PRINCIPALS, AGENTS AND THE FAILINGS OF CONDITIONALITY

PRINCIPALS, AGENTS AND THE FAILINGS OF CONDITIONALITY

Abstract

This article examines the effectiveness of policy conditionality by international and other aid donors. The subject is treated within a principal-agent framework and is based on evidence from a sample of 21 developing countries, mainly relating to experiences with World Bank structural adjustment programmes. The evidence provides strong support for the overall hypothesis that conditionality-applying donors (specifically the BWIs) are often unable to put in place a system of rewards and punishments sufficient to overcome the frequent perceived conflicts of interest between themselves and recipient governments. Difficulties which donors experience in punishing non-implementation of policy stipulations are among the chief reasons for this result. In the event of serious donor–recipient disagreements, domestic politics usually dominates. The use of donor financial leverage is not a substitute for weak domestic institutions or ‘political will’. We also find that the conditions necessary for conditionality to provide a ‘technology of precommitment’ are often not satisfied. The BWIs and other donors should recognize that their main contribution to policy reform in developing countries has been through influence on the contemporary intellectual climate, and persuasion of governments through regular contacts.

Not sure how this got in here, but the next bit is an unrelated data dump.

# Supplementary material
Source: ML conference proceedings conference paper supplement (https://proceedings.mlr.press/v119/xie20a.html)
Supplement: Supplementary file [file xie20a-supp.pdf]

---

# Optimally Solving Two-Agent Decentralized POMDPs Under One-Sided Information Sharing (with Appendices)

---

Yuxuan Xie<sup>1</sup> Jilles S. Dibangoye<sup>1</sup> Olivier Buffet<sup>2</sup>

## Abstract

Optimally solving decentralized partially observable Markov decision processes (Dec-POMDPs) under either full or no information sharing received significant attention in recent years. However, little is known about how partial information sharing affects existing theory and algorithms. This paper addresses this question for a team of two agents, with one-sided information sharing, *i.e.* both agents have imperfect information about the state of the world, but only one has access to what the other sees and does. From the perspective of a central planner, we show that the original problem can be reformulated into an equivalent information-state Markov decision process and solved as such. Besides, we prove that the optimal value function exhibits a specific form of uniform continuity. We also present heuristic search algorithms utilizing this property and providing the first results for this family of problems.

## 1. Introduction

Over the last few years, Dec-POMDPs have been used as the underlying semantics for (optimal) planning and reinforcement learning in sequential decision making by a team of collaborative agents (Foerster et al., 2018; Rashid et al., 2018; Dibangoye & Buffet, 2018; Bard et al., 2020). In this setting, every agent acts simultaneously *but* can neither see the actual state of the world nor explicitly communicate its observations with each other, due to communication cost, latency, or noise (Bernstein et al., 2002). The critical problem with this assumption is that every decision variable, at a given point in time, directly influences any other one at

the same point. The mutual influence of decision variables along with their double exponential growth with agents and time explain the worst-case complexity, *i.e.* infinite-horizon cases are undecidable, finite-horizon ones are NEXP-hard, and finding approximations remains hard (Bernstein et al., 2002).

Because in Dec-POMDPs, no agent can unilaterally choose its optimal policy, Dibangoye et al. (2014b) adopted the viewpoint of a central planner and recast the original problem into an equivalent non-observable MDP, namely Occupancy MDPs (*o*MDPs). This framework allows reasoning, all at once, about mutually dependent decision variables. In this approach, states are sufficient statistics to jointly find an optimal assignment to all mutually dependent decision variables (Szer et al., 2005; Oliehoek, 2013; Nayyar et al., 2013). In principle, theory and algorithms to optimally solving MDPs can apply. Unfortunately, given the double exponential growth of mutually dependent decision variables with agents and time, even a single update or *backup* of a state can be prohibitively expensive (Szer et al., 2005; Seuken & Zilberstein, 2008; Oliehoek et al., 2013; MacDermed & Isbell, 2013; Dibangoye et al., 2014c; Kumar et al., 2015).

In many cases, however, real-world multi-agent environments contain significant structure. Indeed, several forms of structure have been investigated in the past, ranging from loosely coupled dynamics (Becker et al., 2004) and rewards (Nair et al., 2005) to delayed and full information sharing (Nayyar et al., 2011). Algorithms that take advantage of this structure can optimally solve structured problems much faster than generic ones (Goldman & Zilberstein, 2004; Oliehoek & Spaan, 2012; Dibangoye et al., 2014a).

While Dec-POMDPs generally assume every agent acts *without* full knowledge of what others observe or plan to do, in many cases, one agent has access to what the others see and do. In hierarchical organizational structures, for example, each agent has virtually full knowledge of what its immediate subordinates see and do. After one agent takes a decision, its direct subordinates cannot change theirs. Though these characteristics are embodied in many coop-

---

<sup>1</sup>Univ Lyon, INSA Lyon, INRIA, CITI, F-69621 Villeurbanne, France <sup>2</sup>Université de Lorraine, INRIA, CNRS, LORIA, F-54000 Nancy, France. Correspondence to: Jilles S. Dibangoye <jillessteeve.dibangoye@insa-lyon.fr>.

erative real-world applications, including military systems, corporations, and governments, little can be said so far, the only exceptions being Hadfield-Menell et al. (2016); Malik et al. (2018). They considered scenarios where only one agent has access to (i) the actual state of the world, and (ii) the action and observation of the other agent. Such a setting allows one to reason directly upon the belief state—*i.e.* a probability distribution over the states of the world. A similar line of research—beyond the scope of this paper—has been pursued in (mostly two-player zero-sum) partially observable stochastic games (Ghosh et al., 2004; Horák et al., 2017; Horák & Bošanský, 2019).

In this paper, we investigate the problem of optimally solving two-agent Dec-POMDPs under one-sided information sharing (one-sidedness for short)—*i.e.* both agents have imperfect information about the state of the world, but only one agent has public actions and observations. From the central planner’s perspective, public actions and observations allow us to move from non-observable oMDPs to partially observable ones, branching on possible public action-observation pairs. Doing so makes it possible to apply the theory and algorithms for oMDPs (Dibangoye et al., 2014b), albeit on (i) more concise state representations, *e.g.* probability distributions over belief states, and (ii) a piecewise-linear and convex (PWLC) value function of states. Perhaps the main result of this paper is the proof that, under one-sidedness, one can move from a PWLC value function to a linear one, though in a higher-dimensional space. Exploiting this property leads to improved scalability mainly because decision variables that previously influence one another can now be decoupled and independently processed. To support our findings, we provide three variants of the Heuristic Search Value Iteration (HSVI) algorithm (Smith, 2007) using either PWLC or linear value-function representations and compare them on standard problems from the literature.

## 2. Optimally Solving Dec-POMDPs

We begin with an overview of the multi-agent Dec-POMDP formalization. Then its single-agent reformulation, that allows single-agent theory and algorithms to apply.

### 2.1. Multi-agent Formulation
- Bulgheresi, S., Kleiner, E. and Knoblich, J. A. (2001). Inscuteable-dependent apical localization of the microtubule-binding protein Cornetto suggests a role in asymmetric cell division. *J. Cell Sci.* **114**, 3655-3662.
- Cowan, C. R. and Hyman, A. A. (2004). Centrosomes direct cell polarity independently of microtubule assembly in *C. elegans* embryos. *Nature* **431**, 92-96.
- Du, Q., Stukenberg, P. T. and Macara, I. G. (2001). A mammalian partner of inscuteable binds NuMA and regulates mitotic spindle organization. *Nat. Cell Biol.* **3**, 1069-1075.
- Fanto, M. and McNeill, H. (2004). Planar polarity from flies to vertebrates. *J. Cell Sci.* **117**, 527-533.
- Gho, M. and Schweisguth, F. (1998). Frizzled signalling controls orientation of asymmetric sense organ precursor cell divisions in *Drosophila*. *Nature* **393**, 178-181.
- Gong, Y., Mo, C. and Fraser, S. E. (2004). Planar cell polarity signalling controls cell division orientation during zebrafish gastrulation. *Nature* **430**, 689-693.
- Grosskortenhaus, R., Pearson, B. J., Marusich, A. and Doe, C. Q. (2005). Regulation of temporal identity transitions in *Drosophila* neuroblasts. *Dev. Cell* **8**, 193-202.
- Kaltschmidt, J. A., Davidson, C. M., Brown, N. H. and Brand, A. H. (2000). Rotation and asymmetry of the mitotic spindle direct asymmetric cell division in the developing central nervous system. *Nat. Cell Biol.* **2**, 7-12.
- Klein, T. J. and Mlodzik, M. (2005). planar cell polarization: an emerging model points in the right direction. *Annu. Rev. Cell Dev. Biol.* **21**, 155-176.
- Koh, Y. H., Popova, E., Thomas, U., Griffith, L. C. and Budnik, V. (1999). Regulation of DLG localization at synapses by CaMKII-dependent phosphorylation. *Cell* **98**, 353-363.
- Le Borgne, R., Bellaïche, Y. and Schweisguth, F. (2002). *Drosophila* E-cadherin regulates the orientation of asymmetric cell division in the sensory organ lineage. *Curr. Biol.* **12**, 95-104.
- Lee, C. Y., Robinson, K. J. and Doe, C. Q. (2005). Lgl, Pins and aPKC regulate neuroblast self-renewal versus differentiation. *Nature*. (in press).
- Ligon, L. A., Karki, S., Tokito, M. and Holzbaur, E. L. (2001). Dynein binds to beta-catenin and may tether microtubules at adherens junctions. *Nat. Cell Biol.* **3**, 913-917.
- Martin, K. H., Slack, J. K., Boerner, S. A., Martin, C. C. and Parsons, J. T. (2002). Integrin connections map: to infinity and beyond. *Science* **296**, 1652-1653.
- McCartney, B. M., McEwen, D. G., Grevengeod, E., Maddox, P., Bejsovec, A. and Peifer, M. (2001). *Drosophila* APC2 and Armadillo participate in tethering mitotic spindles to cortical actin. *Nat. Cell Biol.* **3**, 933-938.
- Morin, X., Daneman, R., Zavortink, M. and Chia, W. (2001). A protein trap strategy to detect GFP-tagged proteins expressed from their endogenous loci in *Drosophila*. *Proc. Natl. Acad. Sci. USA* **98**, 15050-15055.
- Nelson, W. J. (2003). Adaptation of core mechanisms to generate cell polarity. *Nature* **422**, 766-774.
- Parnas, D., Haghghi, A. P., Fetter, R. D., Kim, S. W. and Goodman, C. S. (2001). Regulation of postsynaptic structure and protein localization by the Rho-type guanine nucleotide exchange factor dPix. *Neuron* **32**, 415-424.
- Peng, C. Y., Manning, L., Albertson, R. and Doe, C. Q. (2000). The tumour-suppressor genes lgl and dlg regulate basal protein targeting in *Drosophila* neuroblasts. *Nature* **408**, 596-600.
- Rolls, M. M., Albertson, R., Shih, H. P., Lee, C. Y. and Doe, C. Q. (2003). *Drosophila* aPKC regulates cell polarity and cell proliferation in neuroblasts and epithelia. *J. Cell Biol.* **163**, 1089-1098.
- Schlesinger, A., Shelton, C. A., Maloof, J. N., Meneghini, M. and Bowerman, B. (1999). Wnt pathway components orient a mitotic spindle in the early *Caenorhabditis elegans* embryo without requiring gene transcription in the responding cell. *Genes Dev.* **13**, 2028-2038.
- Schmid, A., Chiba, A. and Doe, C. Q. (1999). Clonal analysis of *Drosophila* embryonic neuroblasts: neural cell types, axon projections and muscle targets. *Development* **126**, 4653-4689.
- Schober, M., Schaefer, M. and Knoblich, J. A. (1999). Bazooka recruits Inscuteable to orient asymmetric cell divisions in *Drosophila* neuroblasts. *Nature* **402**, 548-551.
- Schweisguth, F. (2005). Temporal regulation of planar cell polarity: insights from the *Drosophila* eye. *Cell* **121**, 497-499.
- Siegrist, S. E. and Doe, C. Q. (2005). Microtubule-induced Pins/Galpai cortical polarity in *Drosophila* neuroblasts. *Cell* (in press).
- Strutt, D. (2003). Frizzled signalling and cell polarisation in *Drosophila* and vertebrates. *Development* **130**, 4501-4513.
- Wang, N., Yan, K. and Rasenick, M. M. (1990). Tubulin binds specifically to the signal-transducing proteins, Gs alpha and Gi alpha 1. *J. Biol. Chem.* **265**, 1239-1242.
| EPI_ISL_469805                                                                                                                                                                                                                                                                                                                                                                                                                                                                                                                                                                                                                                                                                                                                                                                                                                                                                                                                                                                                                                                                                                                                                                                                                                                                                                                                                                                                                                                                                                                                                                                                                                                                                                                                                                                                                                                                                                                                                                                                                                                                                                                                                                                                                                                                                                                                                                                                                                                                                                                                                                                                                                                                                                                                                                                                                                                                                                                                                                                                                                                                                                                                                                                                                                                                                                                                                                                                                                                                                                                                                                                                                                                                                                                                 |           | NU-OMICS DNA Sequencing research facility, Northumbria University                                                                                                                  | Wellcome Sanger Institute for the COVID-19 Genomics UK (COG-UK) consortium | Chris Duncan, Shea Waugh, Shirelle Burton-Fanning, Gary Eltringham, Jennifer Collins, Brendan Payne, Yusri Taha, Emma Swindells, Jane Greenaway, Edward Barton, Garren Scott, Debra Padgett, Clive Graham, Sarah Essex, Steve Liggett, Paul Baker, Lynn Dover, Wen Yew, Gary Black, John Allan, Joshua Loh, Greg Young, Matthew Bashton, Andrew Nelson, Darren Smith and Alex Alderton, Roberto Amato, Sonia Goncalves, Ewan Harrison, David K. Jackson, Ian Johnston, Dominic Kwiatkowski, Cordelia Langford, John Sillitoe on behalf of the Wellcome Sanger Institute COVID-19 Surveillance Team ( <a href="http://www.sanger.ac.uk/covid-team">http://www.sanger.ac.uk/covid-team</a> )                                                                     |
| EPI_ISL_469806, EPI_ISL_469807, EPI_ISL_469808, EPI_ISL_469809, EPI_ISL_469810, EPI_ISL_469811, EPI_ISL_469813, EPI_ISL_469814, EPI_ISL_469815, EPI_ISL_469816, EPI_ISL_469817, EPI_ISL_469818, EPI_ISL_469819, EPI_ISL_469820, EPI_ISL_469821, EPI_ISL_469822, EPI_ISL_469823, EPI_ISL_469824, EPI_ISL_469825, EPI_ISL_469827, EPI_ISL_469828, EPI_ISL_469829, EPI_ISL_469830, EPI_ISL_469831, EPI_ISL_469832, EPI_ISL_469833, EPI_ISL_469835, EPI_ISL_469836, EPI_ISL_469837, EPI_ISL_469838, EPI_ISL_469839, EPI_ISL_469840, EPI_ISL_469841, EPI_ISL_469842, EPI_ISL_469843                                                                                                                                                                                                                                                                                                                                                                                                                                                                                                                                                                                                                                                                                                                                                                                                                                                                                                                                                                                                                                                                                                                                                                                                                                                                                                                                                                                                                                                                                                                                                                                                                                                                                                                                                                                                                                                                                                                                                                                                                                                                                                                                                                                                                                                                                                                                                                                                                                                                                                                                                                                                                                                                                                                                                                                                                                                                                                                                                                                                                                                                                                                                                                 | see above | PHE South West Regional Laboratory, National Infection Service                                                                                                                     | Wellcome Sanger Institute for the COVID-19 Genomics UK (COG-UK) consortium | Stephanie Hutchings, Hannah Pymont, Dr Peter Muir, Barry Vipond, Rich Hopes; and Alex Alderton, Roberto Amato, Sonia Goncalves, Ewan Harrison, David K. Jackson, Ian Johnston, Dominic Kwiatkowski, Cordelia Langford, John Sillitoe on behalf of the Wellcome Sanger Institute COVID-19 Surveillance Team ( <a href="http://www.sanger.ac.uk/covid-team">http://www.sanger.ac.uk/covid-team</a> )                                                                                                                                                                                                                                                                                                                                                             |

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PRINCIPALS, AGENTS AND THE FAILINGS OF CONDITIONALITY

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